Since multipartyism, Kenya’s democratic ideals have been falling apart successively. So, if WB Yeats were to examine Kenya, he would rewrite his poem, ‘The second coming’ to read thus, “The falcon cannot hear the falconer; Things fall apart; the centre cannot hold; Mere anarchy is loosed upon [Kenya]”.
Likewise, if Steven Levitsky and Daniel Ziblatt, in their 2018 thought-provoking book titled ‘How democracy dies: What history tells us about our future’ were to analyse Kenya’s erratic struggle for democracy since multipartyism, they would dismiss us as a country with a fragile "commitment to the democratic rules of the game". Levitsky and Ziblatt give an account of how the United States tests positive for a sinking democracy—their conclusions are undoubtedly generalisable, and indeed so, in quasi-democracies in the Global South states like Kenya.
In Levitsky and Ziblatt test, Kenya’s propensity toward anarchy—a ‘state of disorder due to absence or non-recognition of authority or other controlling systems’ is appalling. Anarchy, just like autocracy, is a violent predator of democracy. Therefore, the following litmus tests, directly from Levitsky and Ziblatt’s text, sell us out for our dwindling commitment to democracy. The first of our symptoms is 'questioning the legitimacy of the electoral process and failure to accept election results'. This has been our incessant problem since 1992.
There is no problem in questioning democratic processes. However, the fact that the leviathan has refused to go away, even after administering the much-celebrated 2010 Constitution, spells doom for our democratic future. The second indicator is the ‘denial of the legitimacy of one’s opponent.’ Levitsky and Ziblatt argue that autocratic leaders ‘cast their rivals as criminals, subversive, unpatriotic, or a threat to national security or the existing way of life.’ Doesn’t that sound familiar? The third test is ‘toleration or encouragement of violence.’ This is one factor we must examine carefully because it is, interestingly, embedded in Article 37 of our Constitution.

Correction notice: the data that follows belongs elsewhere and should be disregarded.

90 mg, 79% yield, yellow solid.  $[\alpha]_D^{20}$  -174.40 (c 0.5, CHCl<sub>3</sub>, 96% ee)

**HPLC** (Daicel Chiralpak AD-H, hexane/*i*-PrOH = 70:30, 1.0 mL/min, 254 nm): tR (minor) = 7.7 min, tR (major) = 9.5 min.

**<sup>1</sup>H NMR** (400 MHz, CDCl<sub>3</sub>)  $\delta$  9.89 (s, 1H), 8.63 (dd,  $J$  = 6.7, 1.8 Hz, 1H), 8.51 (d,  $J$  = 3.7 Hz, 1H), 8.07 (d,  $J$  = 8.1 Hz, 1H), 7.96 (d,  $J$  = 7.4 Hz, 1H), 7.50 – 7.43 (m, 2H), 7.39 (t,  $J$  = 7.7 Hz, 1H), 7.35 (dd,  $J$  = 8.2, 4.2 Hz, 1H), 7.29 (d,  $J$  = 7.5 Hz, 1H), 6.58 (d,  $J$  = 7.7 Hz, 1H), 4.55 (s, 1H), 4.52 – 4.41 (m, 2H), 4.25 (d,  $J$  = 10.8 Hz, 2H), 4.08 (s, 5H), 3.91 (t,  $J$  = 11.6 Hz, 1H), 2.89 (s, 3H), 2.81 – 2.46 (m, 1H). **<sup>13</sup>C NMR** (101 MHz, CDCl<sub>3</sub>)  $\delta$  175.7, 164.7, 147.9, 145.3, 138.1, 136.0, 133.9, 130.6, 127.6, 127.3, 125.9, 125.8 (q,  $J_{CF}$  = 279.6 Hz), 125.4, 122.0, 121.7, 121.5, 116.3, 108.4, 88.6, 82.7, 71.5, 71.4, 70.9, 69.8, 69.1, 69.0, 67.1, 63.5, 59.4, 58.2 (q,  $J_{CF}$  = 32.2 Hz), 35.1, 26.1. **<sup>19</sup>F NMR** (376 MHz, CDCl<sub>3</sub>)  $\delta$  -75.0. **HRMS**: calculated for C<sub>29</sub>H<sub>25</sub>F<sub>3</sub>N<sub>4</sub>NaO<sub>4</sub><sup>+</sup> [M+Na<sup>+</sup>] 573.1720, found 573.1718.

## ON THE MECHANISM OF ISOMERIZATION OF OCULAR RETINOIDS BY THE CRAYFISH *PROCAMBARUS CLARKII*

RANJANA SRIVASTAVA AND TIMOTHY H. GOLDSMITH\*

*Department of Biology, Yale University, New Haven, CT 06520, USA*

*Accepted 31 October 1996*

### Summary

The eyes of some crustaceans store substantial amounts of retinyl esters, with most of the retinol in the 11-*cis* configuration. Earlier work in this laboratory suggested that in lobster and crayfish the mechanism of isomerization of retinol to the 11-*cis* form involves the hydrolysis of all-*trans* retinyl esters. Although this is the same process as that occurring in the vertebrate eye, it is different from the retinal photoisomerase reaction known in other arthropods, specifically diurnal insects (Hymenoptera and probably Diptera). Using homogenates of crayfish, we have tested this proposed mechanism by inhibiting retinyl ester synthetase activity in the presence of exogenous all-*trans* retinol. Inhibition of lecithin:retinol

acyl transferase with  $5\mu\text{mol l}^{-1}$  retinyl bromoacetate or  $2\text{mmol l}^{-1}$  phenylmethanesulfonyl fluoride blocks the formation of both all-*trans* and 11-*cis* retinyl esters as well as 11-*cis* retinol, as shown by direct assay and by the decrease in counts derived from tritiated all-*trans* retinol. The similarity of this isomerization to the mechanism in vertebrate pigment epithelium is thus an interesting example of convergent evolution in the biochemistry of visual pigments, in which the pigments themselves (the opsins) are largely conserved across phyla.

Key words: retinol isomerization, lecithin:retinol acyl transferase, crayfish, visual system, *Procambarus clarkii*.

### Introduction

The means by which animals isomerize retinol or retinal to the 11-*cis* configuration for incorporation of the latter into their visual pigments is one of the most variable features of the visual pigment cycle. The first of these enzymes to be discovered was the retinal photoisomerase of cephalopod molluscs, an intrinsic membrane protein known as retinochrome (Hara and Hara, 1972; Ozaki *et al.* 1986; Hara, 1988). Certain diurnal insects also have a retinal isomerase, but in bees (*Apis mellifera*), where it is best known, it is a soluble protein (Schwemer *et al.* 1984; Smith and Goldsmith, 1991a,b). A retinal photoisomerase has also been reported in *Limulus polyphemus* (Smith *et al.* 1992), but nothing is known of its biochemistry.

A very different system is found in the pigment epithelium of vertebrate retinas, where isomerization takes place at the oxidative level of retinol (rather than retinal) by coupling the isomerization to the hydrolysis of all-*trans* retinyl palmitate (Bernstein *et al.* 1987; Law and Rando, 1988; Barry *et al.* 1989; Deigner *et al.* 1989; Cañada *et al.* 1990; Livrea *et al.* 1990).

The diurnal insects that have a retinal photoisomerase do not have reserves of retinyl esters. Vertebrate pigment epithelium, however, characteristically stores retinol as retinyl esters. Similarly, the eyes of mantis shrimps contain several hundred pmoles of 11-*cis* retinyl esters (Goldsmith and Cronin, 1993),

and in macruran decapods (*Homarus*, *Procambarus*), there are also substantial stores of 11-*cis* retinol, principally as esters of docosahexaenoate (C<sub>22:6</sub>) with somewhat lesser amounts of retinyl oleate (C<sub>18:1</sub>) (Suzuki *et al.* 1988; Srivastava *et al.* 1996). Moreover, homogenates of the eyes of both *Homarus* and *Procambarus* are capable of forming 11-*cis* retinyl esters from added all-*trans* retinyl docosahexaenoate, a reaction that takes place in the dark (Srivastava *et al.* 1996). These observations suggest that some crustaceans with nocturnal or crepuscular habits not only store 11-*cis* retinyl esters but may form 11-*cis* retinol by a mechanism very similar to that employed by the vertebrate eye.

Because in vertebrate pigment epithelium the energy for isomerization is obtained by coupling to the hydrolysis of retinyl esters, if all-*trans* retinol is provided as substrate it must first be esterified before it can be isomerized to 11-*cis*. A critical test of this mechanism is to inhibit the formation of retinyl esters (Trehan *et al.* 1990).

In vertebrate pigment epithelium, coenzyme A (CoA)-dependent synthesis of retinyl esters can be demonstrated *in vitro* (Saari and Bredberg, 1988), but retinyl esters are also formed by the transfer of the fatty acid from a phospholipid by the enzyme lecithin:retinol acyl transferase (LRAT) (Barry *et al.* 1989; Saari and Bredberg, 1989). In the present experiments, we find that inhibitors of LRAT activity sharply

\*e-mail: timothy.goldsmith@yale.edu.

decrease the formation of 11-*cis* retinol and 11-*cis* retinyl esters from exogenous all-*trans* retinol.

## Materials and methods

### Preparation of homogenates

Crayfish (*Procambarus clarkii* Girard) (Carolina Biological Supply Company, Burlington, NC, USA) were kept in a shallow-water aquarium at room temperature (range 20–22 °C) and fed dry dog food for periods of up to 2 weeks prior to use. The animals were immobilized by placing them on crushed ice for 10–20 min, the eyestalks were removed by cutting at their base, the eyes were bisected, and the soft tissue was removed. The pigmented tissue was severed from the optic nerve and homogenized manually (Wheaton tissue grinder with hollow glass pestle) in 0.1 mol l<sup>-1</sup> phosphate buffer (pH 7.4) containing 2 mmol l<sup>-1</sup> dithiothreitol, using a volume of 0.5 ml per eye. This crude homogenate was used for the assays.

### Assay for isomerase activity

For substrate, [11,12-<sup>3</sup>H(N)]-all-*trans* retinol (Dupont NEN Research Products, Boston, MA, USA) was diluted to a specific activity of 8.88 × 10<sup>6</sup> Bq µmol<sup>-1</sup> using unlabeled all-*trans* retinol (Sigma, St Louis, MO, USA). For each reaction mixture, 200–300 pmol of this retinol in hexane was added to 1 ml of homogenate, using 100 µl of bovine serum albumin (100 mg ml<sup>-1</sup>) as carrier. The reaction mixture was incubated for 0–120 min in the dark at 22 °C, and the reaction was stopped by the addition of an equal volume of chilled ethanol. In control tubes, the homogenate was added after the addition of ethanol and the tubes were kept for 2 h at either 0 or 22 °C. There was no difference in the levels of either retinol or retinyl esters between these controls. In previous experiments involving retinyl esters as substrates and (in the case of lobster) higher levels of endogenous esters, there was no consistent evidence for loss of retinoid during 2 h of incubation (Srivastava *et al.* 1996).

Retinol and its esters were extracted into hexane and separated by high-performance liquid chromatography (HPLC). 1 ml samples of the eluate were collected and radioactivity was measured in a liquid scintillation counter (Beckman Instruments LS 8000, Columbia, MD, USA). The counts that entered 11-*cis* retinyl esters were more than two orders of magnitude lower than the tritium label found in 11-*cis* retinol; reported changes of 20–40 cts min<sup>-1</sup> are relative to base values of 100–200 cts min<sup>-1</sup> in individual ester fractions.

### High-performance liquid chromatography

The article says, 'Every person has the right, peaceably and unarmed, to assemble, demonstrate, picket, and present petitions to public authorities.' The underbellies of the Opposition and civil society on the one side and the government on the other are exposed when they appropriate the meaning of ‘peaceably and unarmed’ to their advantage. Until we resolve the selfishness of the Opposition and civil society justifying violent demos and the ruling regime defending violent handling of protests, justice, on which democracy thrives, will remain elusive. The fourth litmus check is ‘readiness to curtail the civil liberties of rivals and critics".
Levitsky and Ziblatt posit 'intolerance of criticism…readiness to use power to punish those in opposition, media or civil society—who criticise them.' Does that sound familiar, also? Yes! Jubilee and Kenya Kwanza, both post-2010 Constitution regimes, have tested decidedly positive for this. Their intolerance to criticism—with deliberate attempts to punish and silence critics are loud. How can we say that we are a growing democracy when we test highly positive in such litmus tests? As I write this, after several bouts of opposition-led anti-government demos that have reportedly left many citizens and police dead, former Nigerian President Olusegun Obasanjo is holding mediating talks between Raila Odinga and President William Ruto.
Such quick-fix approach dubed handshake, has been killing our democracy. Like previous post-election 'handshakes,' the current talks are birthed after ‘questioning the legitimacy of the 2022 electoral process; failure to accept the 2022 presidential election results; denial of the legitimacy of Ruto’s government; toleration or encouragement of violence through demos by both sides and curtailing of the civil liberties of rivals and critics. These four tests of a dying democracy are precursors of anarchy in Kenya. We can only start a conversation regarding our political future if we need a sustainable democracy and country.
Dr Ndonye is a senior lecturer, School of Music and Media at Kabarak University